When it comes to prescribing solutions to issues and challenges facing Pakistan, or processes to ameliorate them, there is no shortage of opinions and analyses. Many of these are intelligent, informed and relevant – indeed excellent. Many are not. But even the latter are not irrelevant because they often better reflect the texture of the political and social fabric from which a way forward will need to be tailored.

That is why textbook solutions often do not apply. They are abstracted from specific social and political contexts in which habits of mind, norms of society, criteria of respectability, attitudes towards established authority and sacred texts, etc can vary considerably from what to the contemporary ‘educated’ mind may be commonsense and reason. In fact, the very notion that the welfare of the people is the overriding priority of public policy is not universally accepted. The notion of welfare itself is contested, and other mundane and supra-mundane goals are often prioritised above conventional and modern notions of human welfare.

Let us take, for example, the equality of men and women. Contemporary reason and commonsense, deriving from an accumulated body of ethical reflection, scientific investigation, anthropological and sociological studies and, not least, human intuition and a political tradition of agitation and struggle on behalf of women’s rights, would insist there is no acceptable basis for maintaining any form of gender discrimination.

But this is a culturally, socially and politically evolved consensus that cannot be directly transplanted to a Muslim society and culture where such evolution has not yet sufficiently occurred, even if at an intellectual level an ‘enlightened’ interpretation of Islamic injunctions accepts the arguments for gender equality. In practice, distorted, literal and de-contextualised interpretations of the Quran and Sunnah are insisted upon in the name of their absolute and eternal validity. In fact the dominant interpretations of today derive from after the Prophet (pbuh) and they do not always do justice to the Message of Islam.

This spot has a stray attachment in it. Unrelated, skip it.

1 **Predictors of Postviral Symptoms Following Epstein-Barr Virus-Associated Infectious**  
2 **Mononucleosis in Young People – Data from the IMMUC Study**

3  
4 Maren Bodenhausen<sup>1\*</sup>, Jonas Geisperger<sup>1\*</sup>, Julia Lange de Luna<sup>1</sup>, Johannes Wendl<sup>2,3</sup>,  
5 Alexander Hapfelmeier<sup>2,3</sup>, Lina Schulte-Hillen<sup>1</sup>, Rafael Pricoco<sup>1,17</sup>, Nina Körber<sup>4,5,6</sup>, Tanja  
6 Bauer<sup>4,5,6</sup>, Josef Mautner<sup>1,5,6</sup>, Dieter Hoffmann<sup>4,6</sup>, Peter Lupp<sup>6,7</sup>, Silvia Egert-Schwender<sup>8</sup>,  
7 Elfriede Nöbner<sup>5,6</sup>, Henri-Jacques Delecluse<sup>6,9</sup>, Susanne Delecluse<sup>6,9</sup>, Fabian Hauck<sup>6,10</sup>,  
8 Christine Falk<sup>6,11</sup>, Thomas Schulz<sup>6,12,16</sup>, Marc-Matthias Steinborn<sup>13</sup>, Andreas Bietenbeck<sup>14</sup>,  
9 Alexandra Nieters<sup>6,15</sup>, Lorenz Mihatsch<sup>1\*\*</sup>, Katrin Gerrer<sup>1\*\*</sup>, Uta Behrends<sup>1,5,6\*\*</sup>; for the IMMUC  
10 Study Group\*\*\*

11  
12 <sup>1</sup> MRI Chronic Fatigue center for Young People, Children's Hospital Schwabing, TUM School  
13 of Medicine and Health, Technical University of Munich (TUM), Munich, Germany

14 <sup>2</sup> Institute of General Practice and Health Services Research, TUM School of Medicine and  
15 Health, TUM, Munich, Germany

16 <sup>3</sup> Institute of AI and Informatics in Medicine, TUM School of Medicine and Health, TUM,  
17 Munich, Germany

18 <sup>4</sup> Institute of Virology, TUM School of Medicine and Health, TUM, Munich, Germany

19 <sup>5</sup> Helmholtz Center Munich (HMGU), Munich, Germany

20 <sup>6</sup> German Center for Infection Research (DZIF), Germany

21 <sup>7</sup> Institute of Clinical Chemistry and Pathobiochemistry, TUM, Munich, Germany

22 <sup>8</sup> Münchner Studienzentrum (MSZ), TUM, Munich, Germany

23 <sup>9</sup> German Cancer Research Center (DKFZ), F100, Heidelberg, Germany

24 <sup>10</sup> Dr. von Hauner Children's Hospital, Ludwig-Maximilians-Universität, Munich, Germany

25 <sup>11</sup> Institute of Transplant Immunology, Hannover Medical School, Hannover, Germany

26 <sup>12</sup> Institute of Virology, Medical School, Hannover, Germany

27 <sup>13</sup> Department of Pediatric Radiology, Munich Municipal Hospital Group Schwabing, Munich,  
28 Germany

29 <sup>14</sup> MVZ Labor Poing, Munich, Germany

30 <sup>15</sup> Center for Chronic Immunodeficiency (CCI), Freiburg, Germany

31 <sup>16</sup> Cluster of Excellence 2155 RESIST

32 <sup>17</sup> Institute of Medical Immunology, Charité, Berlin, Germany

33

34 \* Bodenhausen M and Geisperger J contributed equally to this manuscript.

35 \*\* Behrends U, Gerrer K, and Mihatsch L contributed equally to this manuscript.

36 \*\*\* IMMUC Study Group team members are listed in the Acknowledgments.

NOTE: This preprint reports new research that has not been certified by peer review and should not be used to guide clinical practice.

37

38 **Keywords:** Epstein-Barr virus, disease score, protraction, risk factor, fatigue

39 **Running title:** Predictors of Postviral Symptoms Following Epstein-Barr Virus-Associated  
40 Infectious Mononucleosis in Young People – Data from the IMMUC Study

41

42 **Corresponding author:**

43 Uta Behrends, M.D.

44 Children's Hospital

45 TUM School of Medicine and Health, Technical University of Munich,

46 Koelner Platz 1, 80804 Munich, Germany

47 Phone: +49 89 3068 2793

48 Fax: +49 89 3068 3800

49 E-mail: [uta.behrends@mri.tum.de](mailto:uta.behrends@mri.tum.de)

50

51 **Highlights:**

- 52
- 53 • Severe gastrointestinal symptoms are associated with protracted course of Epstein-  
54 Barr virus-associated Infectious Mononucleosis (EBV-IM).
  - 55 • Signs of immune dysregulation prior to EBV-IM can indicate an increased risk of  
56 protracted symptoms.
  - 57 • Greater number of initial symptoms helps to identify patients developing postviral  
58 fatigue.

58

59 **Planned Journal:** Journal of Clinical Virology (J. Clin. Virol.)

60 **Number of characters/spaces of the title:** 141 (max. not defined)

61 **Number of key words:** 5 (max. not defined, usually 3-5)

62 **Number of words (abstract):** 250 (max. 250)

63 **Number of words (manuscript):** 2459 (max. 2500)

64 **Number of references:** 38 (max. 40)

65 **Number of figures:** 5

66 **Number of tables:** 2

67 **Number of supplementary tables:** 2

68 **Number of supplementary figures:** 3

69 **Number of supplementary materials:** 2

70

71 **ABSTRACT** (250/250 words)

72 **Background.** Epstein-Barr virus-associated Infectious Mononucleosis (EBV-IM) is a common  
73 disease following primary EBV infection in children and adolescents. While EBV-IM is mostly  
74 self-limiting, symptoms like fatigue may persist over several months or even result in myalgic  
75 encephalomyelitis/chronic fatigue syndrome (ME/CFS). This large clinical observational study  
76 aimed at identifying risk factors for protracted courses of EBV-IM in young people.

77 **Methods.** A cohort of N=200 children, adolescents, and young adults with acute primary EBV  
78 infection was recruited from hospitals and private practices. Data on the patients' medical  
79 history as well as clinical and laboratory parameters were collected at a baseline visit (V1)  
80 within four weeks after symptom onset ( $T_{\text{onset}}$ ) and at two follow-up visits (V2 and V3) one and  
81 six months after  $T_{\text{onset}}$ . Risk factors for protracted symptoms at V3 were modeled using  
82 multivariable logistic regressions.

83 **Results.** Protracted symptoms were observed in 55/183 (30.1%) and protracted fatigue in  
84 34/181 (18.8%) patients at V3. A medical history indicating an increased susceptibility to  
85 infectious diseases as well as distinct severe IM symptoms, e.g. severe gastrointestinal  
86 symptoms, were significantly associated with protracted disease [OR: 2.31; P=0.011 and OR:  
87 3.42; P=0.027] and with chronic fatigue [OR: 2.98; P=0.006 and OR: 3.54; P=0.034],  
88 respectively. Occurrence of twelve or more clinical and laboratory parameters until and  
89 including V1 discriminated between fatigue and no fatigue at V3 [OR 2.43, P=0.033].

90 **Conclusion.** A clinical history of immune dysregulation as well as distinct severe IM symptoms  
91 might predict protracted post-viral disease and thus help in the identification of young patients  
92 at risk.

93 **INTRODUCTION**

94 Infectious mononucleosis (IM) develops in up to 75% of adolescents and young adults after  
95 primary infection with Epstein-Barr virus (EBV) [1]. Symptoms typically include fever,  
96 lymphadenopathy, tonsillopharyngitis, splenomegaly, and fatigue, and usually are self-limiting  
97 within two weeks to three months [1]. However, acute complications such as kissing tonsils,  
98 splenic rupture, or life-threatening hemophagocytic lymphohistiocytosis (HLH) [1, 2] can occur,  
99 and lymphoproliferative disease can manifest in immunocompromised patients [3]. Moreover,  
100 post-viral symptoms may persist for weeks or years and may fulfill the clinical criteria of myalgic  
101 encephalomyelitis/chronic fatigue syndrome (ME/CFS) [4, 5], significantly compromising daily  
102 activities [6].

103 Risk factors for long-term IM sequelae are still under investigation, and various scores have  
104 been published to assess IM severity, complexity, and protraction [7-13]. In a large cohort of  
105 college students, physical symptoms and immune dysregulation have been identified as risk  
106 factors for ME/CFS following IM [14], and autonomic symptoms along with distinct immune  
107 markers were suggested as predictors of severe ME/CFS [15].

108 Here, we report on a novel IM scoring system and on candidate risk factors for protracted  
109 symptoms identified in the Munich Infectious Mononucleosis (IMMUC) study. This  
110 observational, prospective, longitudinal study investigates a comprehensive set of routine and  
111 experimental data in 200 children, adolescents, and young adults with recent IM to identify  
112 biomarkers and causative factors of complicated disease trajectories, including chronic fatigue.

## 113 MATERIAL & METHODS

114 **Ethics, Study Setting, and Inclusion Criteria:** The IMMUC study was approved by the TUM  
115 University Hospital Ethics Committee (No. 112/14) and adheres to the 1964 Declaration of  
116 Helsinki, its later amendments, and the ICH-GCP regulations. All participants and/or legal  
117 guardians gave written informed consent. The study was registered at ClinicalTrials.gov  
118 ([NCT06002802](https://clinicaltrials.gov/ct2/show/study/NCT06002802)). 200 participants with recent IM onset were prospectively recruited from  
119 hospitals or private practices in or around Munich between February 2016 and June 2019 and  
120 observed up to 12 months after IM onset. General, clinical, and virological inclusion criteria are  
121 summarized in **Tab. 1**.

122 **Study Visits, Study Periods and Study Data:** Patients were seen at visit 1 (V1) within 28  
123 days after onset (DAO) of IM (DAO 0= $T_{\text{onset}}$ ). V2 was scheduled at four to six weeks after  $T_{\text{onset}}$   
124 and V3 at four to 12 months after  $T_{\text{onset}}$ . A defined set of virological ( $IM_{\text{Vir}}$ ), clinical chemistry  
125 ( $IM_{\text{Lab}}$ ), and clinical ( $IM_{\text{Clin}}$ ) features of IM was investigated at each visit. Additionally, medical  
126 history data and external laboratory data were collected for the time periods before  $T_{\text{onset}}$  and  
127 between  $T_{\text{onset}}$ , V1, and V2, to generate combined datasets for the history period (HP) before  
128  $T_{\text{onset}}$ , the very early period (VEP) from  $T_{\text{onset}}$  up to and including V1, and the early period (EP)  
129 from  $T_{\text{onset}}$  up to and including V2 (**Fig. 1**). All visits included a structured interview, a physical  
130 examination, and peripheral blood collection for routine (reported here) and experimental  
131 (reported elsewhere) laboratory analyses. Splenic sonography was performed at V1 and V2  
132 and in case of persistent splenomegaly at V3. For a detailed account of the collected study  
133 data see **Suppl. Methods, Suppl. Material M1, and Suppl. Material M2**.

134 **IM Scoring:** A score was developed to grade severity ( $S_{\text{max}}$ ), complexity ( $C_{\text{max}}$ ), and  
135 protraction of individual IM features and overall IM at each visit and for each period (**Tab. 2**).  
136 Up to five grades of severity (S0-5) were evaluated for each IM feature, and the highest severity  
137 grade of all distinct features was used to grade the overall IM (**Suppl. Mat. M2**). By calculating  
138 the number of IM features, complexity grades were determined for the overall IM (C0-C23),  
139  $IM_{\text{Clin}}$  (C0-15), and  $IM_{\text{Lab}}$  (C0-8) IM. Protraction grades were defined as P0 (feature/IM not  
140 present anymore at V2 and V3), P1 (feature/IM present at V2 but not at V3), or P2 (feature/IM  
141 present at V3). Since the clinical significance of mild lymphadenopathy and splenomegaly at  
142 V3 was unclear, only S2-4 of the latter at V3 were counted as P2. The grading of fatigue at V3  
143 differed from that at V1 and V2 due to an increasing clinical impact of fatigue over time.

But ‘practical’ politicians will not find such arguments convenient in the milieu in which they operate. The result is that contemporary Muslim individuals and communities have largely remained spiritually circumscribed, socially stunted and politically unable to defend their interests and rights in an age of information and technology. In this ruthlessly globalising world, such failure will increasingly lead to political extinction.

One way out is a belief in which the real world is the hereafter, where losers are transformed into winners. This way out has over the centuries been internalised and institutionalised in Muslim societies. The politics of these societies rests on a refusal to challenge these developments even though they contradict the message, purpose and early history of Islam. By and large, contemporary political leaders in Pakistan dress themselves in a political religiosity that actually involves a denial of true faith.

There have always been enlightened Muslim individuals who have taught the true humanitarian meaning and purpose of Islam. However, they have always been shouted down by official interpreters of the faith on behalf of established authority and power. These official interpreters have held legal and institutional sway over the masses. Nevertheless, the Sufi masters and their teachings of universal love, brotherhood and self-realisation, while eking out an honest living in the world, have never lost their appeal and resonance in the religious imagination of the people.

But this humanitarian and ethical sensibility has been increasingly challenged and overwhelmed by a pathological political impulse to preserve a structure of faith – against the ravages of external forces too strong to beat back – at the cost of denuding the faith of its living essence. It is this essence that embeds the changing and the ephemeral in the universal and eternal, and makes Islam relevant to all ages – past, present and future.